I think this depends on your viewpoint. Every OS needs a mechanism by which it accesses files and data, and that access needs a defined storage and catalogue arrangement which we call a file system. Different OSs do this thier own way and so support different file systems, but every OS must have a file system of some sort if it is to save to and retrieve from a storage medium. Having said that, there's nothing to stop someone binning the standard file system and rewriting their own if they have the skills and a good enough reason to want to do so.
I'm intrigued by your question - are you going somewhere interesting with this?
Re: General File System Question
12 years 9 months ago #14885
Microsoft's new file system WinFS, which was meant to appear in Vista but will now debut in Longhorn, is based on a relational database (actually a derivative of SQL Server). It will be interesting to see how it works.
i found your post quite interesting. affectively you have a number of standard file systems in place like FAT, FAT32, NTFS, and many more. i had at one point of time muddled myself into their origin and their working. in simple terms, if you say FAT16 or FAT32, it only depicts how data is arranged in clusters. if you have more cluster formation capability you have more chance of organizing your data efficiently. lets imagine a specific FAT structure allows you to store 1 MB in a single cluster. if a file is of size 1MB, then it will be stored using just 1 cluster. but say for instance this file is of size 1.5 MB, what happens then? the FAT then splits the file into two halves. the first half has 1MB of the entire file, and the second half has 0.5 MB of the entire file. so you see even the first cluster had been utilized, the second cluster is only half utilized. as a rule you cannot share a cluster between two different files. hence smaller the cluster size you accomodate, lesser file storage efficiency you get out of it. so FAT32 was a better flavour of FAT16 because it allowed bigger files to be stored more efficiently.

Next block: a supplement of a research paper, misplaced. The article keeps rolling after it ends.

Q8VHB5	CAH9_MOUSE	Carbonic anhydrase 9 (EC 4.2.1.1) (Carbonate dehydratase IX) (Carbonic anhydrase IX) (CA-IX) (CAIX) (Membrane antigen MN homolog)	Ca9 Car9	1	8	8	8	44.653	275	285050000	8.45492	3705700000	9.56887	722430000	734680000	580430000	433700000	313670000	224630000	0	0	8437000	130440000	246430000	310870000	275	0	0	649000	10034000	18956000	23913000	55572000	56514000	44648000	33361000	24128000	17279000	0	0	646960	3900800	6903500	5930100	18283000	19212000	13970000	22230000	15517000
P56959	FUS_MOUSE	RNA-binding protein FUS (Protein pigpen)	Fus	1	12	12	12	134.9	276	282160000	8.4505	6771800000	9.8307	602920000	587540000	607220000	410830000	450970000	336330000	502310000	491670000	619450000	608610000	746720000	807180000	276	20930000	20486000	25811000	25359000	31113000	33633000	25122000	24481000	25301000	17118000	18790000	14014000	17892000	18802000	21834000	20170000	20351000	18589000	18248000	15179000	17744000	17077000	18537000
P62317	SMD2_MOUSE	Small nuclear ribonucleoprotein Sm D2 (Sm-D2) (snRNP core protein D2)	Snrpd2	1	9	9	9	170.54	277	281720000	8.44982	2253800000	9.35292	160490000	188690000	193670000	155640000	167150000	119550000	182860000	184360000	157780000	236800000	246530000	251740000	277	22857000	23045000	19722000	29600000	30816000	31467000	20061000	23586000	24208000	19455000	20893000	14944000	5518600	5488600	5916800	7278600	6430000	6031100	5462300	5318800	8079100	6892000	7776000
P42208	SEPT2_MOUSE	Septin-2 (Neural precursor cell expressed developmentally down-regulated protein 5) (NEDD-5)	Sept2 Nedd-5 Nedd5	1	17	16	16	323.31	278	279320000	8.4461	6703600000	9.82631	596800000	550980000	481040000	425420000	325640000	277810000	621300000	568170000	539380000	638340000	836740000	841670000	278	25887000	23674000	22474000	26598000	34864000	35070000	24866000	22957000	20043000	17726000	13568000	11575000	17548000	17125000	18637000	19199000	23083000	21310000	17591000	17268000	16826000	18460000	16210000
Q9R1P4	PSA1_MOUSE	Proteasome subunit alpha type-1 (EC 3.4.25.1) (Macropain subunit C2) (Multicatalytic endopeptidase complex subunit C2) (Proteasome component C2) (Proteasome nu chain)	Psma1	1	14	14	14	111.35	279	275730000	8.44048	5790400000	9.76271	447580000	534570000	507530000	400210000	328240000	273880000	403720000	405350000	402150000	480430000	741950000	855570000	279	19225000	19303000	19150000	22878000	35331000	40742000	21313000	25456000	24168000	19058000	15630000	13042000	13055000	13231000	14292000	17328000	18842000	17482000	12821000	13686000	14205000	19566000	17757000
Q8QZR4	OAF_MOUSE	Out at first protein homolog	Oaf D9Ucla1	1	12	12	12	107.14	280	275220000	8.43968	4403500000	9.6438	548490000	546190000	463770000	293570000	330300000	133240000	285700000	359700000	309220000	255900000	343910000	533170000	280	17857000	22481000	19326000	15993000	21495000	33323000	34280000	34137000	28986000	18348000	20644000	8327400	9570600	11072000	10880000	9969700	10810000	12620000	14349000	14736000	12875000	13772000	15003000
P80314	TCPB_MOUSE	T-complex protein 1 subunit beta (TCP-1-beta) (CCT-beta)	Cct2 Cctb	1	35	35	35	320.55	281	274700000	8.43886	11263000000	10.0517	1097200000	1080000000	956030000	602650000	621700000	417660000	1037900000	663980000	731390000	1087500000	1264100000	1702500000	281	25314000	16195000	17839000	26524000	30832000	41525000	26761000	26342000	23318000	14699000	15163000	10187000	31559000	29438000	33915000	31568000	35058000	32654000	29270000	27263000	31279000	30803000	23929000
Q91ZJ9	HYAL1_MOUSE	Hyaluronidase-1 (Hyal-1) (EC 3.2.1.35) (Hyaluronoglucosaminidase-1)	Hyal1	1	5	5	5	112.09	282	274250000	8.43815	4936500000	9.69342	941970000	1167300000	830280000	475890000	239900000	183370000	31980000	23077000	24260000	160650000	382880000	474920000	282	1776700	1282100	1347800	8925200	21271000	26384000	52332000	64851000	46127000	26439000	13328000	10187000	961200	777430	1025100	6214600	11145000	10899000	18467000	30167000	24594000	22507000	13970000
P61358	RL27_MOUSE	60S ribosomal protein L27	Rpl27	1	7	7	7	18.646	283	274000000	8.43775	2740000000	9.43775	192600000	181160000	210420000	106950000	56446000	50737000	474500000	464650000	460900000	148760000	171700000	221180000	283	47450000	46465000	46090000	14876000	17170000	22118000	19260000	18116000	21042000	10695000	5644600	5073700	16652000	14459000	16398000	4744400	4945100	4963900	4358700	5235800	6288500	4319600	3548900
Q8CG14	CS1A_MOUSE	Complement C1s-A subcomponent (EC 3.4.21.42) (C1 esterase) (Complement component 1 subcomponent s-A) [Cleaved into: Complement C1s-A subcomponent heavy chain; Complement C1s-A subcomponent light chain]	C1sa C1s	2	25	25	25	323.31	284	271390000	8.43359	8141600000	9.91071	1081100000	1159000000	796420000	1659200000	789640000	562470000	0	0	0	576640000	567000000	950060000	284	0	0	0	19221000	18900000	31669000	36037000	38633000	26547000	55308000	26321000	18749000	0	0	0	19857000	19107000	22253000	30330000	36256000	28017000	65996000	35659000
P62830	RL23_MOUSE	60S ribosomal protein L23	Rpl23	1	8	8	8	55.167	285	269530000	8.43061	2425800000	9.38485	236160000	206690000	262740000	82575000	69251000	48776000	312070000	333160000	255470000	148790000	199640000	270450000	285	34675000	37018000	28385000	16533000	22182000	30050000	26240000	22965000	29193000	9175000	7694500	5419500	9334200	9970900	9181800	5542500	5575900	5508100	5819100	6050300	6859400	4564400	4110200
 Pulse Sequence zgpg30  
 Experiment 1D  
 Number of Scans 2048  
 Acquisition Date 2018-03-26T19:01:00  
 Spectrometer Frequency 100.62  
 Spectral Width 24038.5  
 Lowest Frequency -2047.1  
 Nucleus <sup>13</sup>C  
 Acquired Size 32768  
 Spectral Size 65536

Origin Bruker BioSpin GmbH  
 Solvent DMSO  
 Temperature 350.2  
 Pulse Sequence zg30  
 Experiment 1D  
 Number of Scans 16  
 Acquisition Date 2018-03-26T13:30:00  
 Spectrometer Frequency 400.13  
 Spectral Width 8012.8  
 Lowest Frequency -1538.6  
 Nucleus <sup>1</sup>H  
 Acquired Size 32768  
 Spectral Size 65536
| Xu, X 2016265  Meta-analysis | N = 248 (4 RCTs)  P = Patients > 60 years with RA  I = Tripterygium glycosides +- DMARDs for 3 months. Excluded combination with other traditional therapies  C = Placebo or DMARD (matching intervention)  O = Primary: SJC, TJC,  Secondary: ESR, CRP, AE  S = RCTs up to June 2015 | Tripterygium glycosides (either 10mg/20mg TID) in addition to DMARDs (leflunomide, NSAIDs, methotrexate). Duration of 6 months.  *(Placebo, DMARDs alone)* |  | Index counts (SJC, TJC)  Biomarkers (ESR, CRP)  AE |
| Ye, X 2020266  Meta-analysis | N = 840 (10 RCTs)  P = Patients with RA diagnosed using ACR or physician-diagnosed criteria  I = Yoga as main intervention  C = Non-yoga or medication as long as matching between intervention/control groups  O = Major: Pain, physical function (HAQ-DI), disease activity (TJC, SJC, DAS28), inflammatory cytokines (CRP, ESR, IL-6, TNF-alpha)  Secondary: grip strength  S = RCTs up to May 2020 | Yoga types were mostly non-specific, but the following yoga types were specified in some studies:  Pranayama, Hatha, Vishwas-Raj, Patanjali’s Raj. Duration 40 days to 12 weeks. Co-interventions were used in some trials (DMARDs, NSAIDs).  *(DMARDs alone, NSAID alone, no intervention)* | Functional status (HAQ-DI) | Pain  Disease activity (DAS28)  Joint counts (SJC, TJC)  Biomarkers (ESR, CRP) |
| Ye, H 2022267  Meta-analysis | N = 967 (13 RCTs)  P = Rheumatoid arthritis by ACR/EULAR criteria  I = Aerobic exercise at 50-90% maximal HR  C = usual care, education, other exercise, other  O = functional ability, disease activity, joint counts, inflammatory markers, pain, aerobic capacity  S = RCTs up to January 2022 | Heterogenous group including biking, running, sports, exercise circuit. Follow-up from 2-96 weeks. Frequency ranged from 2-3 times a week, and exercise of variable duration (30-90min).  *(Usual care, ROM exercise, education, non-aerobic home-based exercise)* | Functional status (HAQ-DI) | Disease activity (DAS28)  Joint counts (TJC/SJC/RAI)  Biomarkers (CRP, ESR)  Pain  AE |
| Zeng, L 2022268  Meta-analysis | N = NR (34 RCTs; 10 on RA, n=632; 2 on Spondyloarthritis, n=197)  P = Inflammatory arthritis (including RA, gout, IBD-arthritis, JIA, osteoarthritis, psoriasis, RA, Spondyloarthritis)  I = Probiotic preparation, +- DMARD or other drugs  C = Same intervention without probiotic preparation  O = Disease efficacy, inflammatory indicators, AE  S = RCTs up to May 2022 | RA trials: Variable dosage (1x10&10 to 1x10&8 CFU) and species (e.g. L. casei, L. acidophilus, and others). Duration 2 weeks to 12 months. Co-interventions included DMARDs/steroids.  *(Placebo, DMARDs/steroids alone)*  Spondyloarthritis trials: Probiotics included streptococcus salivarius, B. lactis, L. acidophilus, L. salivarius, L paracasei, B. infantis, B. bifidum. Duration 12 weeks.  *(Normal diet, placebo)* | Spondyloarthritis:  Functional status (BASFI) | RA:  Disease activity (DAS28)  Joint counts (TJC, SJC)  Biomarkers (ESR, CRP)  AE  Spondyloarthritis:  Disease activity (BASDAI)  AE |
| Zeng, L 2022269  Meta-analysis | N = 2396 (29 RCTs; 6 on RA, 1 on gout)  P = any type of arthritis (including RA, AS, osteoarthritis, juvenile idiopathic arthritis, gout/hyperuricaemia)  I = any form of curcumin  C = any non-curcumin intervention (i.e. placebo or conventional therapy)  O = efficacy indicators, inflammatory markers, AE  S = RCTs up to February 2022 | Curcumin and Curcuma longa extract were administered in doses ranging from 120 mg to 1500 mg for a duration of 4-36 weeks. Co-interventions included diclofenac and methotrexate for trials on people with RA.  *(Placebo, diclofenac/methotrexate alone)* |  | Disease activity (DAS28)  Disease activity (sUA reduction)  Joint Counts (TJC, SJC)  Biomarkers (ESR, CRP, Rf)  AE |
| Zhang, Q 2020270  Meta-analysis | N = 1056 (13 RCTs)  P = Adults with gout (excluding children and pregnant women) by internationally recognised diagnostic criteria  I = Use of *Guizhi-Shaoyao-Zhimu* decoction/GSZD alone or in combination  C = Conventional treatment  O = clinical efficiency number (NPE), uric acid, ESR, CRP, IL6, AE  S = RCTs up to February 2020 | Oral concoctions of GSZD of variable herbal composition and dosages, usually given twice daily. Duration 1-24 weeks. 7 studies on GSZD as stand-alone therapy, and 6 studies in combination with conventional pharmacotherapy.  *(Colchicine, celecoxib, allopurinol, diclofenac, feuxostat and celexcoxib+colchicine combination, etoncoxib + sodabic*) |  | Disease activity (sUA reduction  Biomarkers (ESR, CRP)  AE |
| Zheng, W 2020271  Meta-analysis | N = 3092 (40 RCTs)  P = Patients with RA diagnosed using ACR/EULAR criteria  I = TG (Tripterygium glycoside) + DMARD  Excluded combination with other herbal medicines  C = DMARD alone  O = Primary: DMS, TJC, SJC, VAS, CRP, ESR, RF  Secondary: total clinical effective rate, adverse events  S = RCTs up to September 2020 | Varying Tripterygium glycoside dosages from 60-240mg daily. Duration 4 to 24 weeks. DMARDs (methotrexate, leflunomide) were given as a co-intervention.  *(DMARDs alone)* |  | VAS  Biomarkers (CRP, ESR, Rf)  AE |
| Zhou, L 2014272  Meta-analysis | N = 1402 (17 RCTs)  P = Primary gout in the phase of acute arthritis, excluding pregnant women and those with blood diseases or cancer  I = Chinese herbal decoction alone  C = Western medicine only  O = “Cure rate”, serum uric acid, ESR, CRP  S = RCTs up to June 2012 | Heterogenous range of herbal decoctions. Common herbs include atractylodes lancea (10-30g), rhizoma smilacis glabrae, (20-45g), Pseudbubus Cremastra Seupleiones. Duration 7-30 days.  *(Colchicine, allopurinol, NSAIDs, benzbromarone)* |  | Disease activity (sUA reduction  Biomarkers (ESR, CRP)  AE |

but then more you split a file, you encounter problems of fragmentation, lost of file segments, etc etc etc......added to it are the stability issues of all these FAT. NTFS has been recognized as a stable file system.
what i found was that no file system would allow a dynamic cluster size which could increase of decrease according to the file size. this perhaps allow files to be stored in one single stream, and not into clusters. no more issues of fragmentations!!! but then there are so many variables to be take care of while deciding upon a file system
so there you go mate, if you can now design a file system which will allow less fragmentation, provide with more stability, support larger hard drive capacity, allow any size of filenames and be portable across different platforms, say for instance, UNIX, Windows, and Mac for that matter....then i should say you have a vision!!!
so if you are thinking about going that way, let me know. i will be very much interested in it!!!
Picking pebbles on the shore of the networking ocean
Re: General File System Question
12 years 9 months ago #14913
There is an ambitious project for a Filesystem, free too, from a charesmatic scientist called Hans Reiser. I'm talking about Reiser4 FS, many of you might be aware of it or it's predecessor -reiserfs-. Though it has no implementation in windows, it introduces some quite revolutionary concepts, so you might be interested to check it out.
A technical tutorial on Reiser4 internals is published in
, less technical intruductions are available in many of Hans Reiser's interviews that you can google for.
Also there's a video of a reiser4 presentation, available